The main characters are Steve Carella, modeled on Hunter himself, and his deaf-mute wife Teddy; Bert Kling, who has a tragic love-life; red-haired ladies man Cotton Hawes and ultra-patient Jewish detective Meyer Meyer, both of whose fathers thought it amusing to saddle their sons with a comic first names; sadists such as Roger Havilland and Andy Parker; racist Fat Ollie Weeks; coffee-maker extraordinaire Alf Miscolo; pathologist Sam Grossman; and many more besides. Hunter had hoped to write a concluding novel, to be entitled Exit, but the struggle with laryngeal cancer which he described in his memoir Let’s Talk: A Story of Love (2005), and which  would eventually kill the author, made it impossible to go through with his idea. None the less there is a large and impressive body of work left behind for us to discuss and enjoy – a fine legacy. For more information on Hunter, McBain and the whole gang at the 87th, visit the author’s official website at:

Cop Hater (1956)
The Mugger (1956)
The Pusher (1956)
The Con Man (1957)
Killer’s Choice (1957)
Killer’s Payoff (1958)
Lady Killer (1958)
Killer’s Wedge (1959)
’til Death (1959)
King’s Ransom (1959)
Give the Boys a Great Big Hand (1960)
The Heckler (1960)
See Them Die (1960)
Lady, Lady I Did It (1961)
The Empty Hours (1962) [comprising three novellas]
Like Love (1962)
Ten Plus One (1963)
Ax (1964)
He Who Hesitates (1964)
Doll (1965)
80 Million Eyes (1966)
Fuzz (1968)
Shotgun (1969)
Jigsaw (1970)
Hail, Hail the Gang’s All Here (1971)
Let’s Hear It for the Deaf Man (1972)
Sadie When She Died (1972)
Hail to the Chief (1973)
Bread (1974)
Blood Relatives (1975)
So Long as You Both Shall Live (1976)
Long Time No See (1977)
Calypso (1979)
Ghosts (1980)
Heat (1981)
Ice (1983)
Lightning (1984)
Eight Black Horses (1985)
Poison (1987)
Tricks (1987)
The Last Best Hope (1988) [cross-over novel featuring Hunter’s Matthew Hope character]
Lullaby (1989)
Vespers (1990)
Widows (1991)
Kiss (1992)
Mischief (1993)
Romance (1995)
Nocturne (1997)
The Big Bad City (1999)
The Last Dance (2000)
Money, Money, Money (2001)
Fat Ollie’s Book (2002)
The Frumious Bandersnatch (2003)
Hark! (2004)
Fiddlers (2005)

This entry was posted in 87th Precinct, Crime Fiction Alphabet, Ed McBain, Police procedural, Vintage Mystery Reading Challenge 2011. Bookmark the permalink.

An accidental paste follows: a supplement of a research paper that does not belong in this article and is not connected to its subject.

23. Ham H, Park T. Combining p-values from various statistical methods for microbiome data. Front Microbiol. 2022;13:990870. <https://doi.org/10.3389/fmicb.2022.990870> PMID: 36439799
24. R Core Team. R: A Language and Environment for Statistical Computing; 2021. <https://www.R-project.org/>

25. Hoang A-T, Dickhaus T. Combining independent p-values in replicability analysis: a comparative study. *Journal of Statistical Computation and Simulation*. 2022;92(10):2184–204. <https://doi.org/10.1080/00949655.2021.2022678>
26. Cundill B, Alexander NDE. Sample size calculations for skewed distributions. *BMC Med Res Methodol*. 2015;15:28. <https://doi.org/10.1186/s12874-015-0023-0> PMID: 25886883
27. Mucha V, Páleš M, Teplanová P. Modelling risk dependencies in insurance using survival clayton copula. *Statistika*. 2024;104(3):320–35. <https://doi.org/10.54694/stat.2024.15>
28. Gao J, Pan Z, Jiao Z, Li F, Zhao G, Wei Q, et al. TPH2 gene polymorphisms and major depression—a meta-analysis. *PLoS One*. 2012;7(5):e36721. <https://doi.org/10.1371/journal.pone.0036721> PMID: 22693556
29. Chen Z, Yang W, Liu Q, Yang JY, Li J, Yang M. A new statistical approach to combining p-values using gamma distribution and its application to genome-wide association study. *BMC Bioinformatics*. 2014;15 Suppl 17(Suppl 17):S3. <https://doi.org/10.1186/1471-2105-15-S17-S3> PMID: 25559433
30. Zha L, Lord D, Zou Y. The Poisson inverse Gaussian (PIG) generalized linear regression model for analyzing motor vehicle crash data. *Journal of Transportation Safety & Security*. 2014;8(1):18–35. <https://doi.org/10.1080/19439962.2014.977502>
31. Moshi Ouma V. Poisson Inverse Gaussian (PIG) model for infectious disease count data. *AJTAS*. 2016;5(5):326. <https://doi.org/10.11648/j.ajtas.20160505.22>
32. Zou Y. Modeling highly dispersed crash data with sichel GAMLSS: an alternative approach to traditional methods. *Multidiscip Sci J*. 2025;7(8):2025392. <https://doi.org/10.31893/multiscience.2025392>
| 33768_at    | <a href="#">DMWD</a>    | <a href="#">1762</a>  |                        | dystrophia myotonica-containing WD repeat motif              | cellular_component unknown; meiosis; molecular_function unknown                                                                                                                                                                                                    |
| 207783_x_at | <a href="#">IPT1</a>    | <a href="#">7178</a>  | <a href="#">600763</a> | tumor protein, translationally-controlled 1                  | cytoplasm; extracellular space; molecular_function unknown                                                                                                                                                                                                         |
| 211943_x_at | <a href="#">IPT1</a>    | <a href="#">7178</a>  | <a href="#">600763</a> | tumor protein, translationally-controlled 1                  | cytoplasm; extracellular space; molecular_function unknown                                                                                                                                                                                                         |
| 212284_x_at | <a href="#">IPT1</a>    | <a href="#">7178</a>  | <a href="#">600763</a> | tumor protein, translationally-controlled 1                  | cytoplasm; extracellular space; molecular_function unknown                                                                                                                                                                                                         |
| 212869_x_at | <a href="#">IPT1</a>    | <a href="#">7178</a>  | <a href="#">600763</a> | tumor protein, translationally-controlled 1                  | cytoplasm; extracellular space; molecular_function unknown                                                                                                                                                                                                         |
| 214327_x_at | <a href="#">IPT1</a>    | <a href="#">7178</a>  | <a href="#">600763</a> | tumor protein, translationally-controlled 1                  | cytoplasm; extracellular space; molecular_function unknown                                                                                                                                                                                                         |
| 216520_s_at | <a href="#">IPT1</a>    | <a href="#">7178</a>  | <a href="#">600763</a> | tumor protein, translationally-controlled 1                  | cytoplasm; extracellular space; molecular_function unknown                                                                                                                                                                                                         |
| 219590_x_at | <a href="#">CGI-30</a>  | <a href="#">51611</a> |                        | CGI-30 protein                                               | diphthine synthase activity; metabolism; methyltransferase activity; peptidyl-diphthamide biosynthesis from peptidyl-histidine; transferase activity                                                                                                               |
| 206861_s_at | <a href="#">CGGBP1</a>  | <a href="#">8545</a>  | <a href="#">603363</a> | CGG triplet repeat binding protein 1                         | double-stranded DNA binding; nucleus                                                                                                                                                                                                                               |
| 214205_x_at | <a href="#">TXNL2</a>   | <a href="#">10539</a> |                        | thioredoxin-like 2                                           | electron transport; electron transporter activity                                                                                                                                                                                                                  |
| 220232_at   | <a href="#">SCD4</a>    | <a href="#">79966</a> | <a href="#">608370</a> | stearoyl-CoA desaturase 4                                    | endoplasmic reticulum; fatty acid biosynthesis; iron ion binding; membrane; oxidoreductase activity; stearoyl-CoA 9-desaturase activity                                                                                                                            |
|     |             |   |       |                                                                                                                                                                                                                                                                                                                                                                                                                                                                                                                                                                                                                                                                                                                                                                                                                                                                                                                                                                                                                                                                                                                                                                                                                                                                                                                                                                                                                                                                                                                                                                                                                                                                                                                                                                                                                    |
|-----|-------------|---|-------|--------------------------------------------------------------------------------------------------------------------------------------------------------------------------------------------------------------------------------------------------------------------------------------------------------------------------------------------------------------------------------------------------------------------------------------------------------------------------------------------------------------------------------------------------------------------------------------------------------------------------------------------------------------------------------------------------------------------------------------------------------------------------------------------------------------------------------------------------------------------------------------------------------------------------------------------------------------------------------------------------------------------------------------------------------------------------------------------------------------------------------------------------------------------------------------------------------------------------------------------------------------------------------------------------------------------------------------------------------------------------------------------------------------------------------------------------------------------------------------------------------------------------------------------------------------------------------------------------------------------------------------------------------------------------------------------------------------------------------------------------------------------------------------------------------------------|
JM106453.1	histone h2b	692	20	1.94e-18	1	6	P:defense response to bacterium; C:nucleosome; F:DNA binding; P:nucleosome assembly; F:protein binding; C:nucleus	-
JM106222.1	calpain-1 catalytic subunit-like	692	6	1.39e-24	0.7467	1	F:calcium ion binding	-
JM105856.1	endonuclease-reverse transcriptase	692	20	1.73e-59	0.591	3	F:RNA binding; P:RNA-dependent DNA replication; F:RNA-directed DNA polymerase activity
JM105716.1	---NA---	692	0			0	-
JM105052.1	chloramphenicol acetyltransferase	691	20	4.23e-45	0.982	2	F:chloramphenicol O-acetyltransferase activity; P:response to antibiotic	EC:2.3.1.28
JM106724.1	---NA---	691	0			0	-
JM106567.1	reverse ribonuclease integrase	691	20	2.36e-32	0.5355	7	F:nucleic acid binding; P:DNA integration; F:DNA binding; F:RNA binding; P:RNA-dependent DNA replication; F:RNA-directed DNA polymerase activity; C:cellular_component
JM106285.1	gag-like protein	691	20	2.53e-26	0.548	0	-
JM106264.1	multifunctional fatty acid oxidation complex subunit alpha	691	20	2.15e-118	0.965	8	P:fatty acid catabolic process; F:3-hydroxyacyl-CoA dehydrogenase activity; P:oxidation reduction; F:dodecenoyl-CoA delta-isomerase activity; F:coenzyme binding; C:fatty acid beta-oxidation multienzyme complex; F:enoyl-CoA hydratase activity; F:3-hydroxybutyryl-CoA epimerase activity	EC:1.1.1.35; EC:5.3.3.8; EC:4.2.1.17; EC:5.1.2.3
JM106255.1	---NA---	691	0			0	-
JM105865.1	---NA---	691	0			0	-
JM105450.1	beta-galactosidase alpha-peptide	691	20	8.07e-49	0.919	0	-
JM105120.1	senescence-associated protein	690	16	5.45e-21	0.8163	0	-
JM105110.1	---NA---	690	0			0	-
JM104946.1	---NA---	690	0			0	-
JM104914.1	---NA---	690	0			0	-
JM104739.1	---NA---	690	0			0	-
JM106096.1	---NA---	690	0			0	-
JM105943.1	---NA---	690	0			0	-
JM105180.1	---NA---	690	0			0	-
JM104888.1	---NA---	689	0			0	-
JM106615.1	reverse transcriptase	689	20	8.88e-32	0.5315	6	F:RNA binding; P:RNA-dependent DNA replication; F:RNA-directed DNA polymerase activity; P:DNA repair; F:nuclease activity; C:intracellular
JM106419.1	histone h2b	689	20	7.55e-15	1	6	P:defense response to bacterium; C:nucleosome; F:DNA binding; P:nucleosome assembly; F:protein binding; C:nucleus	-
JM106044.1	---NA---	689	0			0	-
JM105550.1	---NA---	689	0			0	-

4 Responses to The 87th Precinct mysteries by Ed McBain

  1. puzzledoctor says:

    I’ve read a couple of these and enjoyed them, although they didn’t stick in the memory particularly. Any particular highlights that I should look out for? Sounds like the locked room Killer’s Wedge would be my best start point.

  2. Hiya – I think KILLER’S WEDGE is one that you would really enjoy for the John Dickson Carr references obviously, but most of them offer decent puzzles – The first two, COP HATER and THE MUGGER, are an excellent start and beyond the ones I’ve blogged on, I particularly recommend SADIE WHEN SHE DIED and BLOOD RELATIVES from the later ones and which i hope to get to soon though I suspect there are far fewer McBain fans out there than there used to be, especially if the comments on my blog are anything to go by. Julian Symons always reckoned that the shorter length works are better than the longer ones, which I think is basically true but does tend to make them feel a bit more disposable perhaps and less individually memorable. Personally I’m a great fan but there is no denying that TV has largely taken the place of this kind of book today as they can feel to small to make an individual impact. I think the ones I mentioned here are particularly noteworthy though.

  3. David says:

    I have read the entire series (in order) and enjoyed them immensely. Since these were published over a 50 year period some are stronger than others but the overall feel you have for the detectives of the 87th cannot be beat by anything available today. Unless, of course, you read C J box or Michael Connelly or Lee Child or ??

    Enjoy them all. You will not be disappointed 🙂

    • Hello David, thanks for reading and for your comments. I plan on re-reading them all in as close to publication order as I can manage. Which are the volumes that stand out for you?

Leave a Reply

Fill in your details below or click an icon to log in: Logo

You are commenting using your account. Log Out /  Change )

Twitter picture

You are commenting using your Twitter account. Log Out /  Change )

Facebook photo

You are commenting using your Facebook account. Log Out /  Change )

Connecting to %s